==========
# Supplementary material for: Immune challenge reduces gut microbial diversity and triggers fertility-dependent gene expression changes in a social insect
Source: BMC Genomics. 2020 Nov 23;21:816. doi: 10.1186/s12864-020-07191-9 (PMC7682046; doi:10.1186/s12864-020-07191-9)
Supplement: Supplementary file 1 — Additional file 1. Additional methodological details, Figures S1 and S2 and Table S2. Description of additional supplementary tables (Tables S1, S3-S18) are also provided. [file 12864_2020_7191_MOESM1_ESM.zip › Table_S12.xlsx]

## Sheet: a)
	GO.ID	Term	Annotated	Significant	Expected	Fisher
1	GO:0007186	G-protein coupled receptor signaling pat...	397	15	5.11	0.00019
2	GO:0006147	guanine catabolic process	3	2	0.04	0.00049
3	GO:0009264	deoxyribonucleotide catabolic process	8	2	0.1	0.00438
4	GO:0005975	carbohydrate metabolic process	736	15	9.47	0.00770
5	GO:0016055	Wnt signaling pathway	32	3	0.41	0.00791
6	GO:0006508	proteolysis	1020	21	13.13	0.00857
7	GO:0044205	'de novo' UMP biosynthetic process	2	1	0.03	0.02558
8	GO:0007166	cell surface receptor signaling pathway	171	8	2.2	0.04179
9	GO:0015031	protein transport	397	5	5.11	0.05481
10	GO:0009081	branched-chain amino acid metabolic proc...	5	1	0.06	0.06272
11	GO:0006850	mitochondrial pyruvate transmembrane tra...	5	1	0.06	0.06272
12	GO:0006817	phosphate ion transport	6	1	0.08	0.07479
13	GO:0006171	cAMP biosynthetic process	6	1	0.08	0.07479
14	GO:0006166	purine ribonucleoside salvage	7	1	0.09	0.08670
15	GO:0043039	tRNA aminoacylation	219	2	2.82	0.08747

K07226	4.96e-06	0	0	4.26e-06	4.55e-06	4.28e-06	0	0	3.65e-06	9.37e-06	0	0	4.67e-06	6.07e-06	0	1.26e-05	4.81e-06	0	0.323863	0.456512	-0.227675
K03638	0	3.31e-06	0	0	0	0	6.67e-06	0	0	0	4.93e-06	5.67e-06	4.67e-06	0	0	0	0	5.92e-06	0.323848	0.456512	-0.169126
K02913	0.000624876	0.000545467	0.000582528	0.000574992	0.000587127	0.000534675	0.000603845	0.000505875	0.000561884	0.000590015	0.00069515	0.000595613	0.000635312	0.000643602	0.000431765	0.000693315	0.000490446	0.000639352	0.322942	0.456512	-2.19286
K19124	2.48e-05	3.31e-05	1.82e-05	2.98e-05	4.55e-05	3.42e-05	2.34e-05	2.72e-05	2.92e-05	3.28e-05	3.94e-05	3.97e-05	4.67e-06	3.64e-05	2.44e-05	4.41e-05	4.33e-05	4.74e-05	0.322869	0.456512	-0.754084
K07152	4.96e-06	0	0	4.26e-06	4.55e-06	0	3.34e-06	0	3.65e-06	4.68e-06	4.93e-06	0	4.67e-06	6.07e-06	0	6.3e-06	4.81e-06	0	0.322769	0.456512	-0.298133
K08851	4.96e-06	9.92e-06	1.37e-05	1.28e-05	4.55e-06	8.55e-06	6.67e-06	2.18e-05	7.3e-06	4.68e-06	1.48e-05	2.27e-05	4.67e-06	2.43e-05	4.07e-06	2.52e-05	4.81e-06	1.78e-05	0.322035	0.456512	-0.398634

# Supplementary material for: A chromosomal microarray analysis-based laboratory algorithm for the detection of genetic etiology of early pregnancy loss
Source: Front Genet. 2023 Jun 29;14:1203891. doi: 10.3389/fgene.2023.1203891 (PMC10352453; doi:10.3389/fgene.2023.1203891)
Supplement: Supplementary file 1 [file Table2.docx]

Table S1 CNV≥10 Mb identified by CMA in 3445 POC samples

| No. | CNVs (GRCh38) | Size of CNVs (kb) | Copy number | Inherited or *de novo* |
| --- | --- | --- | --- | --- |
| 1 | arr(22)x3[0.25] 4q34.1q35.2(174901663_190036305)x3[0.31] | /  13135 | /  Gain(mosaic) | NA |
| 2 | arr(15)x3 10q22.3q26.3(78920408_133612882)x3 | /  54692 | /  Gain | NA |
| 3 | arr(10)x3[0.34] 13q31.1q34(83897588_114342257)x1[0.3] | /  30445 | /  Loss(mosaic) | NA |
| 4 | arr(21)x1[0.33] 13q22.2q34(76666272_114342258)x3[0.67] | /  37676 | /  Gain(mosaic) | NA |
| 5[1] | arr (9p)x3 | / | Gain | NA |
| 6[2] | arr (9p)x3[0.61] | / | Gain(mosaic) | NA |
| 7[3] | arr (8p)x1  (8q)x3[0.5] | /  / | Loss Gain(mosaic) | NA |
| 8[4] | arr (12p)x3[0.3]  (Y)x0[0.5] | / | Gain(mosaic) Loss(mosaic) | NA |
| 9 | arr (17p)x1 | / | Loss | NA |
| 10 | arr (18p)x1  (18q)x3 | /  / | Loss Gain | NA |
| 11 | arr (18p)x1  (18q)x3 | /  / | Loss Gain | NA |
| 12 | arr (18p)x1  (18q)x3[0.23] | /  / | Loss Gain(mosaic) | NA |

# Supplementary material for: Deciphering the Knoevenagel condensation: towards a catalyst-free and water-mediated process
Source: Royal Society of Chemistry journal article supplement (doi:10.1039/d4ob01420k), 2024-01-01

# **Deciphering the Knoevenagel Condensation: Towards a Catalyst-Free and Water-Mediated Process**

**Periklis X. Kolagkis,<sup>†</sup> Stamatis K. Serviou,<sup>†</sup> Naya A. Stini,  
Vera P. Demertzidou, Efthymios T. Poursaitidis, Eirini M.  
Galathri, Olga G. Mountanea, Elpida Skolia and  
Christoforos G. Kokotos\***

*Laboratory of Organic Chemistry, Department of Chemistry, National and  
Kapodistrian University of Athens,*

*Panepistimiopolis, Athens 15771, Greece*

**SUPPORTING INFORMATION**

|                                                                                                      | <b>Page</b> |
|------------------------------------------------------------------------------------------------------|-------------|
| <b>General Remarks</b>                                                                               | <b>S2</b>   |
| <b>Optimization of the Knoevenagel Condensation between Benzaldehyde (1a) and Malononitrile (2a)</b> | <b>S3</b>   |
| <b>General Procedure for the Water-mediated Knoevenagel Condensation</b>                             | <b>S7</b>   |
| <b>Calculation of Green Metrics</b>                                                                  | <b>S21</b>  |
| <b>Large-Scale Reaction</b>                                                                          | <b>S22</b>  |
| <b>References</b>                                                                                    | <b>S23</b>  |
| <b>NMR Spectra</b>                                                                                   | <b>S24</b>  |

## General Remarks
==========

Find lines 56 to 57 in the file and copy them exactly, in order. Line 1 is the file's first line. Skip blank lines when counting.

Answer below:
|                                                                                                      | <b>Page</b> |
|------------------------------------------------------------------------------------------------------|-------------|